By CONNA WALSH
In our four years at Cornell, we are exposed to hundreds of different cultures, languages, identities and backgrounds. Students and faculty at universities like Cornell are incredibly lucky to have this privilege. Despite what many think, higher education isn’t just about getting a diploma — it’s about getting an education in the world around you, and how to accept and love people who are different from you.
Recently, I was watching Al Jazeera English on television as they broadcasted their late-night news stories. During one segment, a reporter had a very bizarre meet-up with members of none other than the infamous Ku Klux Klan. As the reporter interviewed the men, donned in their traditional white robes and hoods, the absurdity of it all made me feel like I was watching a satirical clip from The Daily Show. These particular Klansmen were sounding off on the recent influx of immigrants on the United States’ southern border, and how they were pushing for the introduction of a “shoot-to-kill” bill in Congress.
Yes, you read that right — the Ku Klux Klan, somewhat unsurprisingly, wants to prevent illegal immigration by attempting to kill every person who tries to cross the border between the United States and Mexico. When the Al Jazeera reporter, stunned by this brutality, clarified to these men that the majority of the current immigrants are young mothers and children, the Klansmen chillingly responded, “We know.”
In college, we learn to think about different perspectives. We learn to think how people whose opinions differ from our own must feel about the issues. I am proud that at Cornell, I have learned these essential skills. Despite this education in respecting and understanding the opinions of others, however, I cannot respect or understand the views of the organizations that advocate for blind hatred.
Truthfully, I don’t understand how anyone could respect the views of these organizations. The Ku Klux Klan preaches hate for every person on earth who is a not a Christian of white European descent. The Westboro Baptist Church, another hate group in the United States, condemns LGBT individuals and pickets military funerals for seemingly no other reason other than to gain publicity of their hate.
The most baffling part of this hateful extremism is that these two organizations, and many like them, claim to be following Christian values. Although I don’t consider myself a Christian, I am still familiar with one of the most important parts of Christian doctrine: “love thy neighbor.” When the Westboro Baptist Church is screaming, “God hates fags,” at a pride parade, or the Ku Klux Klan is advocating for the murder of children, there is an obvious absence of any kind of love. The appropriation of positive and benevolent Christian values for messages of hate is enough to make anyone enraged, regardless of their religious affiliation.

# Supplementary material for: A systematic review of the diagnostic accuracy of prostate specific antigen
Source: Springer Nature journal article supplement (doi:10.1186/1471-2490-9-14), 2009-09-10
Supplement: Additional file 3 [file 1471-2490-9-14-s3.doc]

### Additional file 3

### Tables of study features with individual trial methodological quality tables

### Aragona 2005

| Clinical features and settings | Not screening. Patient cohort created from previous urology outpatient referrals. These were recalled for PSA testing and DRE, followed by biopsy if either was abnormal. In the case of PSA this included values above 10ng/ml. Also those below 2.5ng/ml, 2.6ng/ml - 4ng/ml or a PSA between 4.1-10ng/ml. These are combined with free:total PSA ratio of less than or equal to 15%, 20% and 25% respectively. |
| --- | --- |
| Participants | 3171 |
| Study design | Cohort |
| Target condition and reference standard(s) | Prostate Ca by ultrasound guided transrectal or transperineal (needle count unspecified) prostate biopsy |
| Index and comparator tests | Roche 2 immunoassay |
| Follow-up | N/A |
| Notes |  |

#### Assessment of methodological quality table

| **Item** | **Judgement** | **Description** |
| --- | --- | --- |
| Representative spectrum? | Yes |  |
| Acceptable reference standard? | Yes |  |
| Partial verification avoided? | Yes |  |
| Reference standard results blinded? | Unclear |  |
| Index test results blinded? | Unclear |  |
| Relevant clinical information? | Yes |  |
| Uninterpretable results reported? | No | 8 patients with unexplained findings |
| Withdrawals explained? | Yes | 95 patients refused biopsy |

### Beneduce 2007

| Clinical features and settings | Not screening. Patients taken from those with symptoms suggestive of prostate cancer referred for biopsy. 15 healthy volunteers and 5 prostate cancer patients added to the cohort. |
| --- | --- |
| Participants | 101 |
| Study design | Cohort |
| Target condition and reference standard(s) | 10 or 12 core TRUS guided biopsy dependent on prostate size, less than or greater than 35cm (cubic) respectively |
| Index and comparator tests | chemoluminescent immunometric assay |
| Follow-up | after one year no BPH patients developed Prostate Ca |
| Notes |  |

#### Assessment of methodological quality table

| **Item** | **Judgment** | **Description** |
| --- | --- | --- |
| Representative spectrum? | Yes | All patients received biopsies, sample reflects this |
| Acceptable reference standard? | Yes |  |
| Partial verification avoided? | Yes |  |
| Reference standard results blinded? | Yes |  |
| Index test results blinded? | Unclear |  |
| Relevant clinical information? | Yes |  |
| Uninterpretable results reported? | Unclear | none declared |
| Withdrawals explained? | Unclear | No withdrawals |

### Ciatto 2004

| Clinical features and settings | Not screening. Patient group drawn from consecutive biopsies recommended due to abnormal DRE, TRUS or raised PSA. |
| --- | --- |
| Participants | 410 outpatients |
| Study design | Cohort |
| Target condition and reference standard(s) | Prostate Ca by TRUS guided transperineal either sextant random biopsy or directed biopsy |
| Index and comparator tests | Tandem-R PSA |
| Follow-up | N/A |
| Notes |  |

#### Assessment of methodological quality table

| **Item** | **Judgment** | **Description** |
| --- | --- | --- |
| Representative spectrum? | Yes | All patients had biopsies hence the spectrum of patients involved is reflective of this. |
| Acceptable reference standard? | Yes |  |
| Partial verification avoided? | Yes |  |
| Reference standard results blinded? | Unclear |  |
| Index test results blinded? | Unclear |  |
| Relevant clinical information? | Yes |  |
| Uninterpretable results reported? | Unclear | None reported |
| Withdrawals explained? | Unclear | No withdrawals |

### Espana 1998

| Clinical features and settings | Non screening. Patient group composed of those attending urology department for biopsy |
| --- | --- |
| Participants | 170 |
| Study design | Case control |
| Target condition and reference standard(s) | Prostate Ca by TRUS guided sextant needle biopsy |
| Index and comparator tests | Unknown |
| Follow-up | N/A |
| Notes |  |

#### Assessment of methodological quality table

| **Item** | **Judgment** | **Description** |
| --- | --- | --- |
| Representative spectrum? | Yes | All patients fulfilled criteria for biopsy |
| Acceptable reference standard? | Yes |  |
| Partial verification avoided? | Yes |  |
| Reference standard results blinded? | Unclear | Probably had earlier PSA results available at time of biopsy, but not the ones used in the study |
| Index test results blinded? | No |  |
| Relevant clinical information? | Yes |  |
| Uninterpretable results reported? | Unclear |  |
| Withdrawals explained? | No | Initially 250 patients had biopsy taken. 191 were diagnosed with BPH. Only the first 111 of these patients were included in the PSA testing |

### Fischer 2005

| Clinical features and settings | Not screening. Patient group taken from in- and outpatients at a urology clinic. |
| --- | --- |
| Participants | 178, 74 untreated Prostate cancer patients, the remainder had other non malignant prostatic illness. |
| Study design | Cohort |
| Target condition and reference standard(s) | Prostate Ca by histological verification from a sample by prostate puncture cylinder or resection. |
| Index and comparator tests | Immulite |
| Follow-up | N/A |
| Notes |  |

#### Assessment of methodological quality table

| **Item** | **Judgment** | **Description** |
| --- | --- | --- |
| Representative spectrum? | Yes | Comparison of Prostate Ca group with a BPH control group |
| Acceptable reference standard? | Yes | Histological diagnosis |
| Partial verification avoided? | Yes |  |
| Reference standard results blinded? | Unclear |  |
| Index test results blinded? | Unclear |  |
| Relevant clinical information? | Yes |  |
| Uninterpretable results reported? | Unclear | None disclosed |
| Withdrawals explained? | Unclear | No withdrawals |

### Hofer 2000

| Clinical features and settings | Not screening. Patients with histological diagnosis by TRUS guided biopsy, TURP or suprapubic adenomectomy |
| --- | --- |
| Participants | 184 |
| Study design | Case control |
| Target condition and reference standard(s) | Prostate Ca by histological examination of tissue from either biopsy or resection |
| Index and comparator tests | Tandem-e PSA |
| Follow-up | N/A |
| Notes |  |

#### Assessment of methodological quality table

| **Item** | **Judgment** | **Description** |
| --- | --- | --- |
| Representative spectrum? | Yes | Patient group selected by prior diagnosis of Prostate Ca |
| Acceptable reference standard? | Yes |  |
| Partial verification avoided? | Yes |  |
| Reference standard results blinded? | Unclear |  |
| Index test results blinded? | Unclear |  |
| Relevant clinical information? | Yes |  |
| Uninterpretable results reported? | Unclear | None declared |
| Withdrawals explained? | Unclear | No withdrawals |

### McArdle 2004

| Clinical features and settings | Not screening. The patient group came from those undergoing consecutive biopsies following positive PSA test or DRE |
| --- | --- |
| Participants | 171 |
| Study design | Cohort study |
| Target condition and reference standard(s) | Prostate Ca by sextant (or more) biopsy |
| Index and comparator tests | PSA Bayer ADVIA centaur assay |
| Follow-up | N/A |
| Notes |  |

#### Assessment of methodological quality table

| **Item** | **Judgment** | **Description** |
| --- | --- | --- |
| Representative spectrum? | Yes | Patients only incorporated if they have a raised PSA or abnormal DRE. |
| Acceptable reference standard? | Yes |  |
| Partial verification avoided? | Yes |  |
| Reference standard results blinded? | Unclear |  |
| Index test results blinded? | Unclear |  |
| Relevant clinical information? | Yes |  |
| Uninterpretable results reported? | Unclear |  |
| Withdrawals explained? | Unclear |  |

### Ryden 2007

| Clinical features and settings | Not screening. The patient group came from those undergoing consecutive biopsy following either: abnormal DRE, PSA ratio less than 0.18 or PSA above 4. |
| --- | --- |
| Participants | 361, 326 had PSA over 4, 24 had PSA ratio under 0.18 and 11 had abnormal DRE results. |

Whether hate groups are actually experiencing resurgence or they are just gaining more media coverage, it is comforting to know that these organizations are the shouting minority in the United States. According to the National Opinion Research Center, acceptance of LGBT individuals is at an all-time high, indicated by statistics showing that over 64 percent of people under the age of 30 support same-sex marriage. While 100 percent acceptance would obviously be more desirable, acceptance is indeed a rising trend in our country, despite the efforts of some hateful organizations.
Acceptance, respect and understanding are some of the most important things one can discover at a place of higher learning. We at Cornell are lucky that we can learn about opinions, cultures and people different from ourselves. However, we must keep in mind throughout our lives that not everyone has this privilege. Not everyone has the chance to think about different perspectives or different backgrounds.
Unfortunately, despite the fact that we Cornellians have the opportunities to learn to accept and love other people and culture, that doesn’t mean everyone takes advantage of these opportunities. In my three years here so far, there have been far too many incidents of racial and cultural bias. There have been too many instances of blind hate. It is our responsibility as educated youth to move past these biases and embrace our fellow people. “Love thy neighbor” applies to more than just those who live near you — it applies to all humans with whom you share the Earth.
Our country today continues to face a plague of intolerance from hateful people and organizations. To combat this blind hate, we must first learn to accept and love each other and the people in our community. We must then take a stand and voice our intolerance of intolerance, perhaps the hate will eventually fade into the background of our country’s political and religious landscapes, and love will take its place.
Conna Walsh is a senior in the College of Arts and Sciences. She can be reached at firstname.lastname@example.org. A Word with Walsh appears alternate Mondays this semester.